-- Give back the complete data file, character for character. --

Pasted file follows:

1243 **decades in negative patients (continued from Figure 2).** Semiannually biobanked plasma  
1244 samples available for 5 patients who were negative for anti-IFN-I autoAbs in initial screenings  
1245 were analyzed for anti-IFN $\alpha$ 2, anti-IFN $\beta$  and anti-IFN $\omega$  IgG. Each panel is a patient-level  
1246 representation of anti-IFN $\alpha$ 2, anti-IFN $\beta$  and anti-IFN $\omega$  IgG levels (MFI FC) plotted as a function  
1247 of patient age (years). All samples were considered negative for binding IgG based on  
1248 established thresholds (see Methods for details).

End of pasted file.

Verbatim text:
1243 **decades in negative patients (continued from Figure 2).** Semiannually biobanked plasma  
1244 samples available for 5 patients who were negative for anti-IFN-I autoAbs in initial screenings  
1245 were analyzed for anti-IFN $\alpha$ 2, anti-IFN $\beta$  and anti-IFN $\omega$  IgG. Each panel is a patient-level  
1246 representation of anti-IFN $\alpha$ 2, anti-IFN $\beta$  and anti-IFN $\omega$  IgG levels (MFI FC) plotted as a function  
1247 of patient age (years). All samples were considered negative for binding IgG based on  
1248 established thresholds (see Methods for details).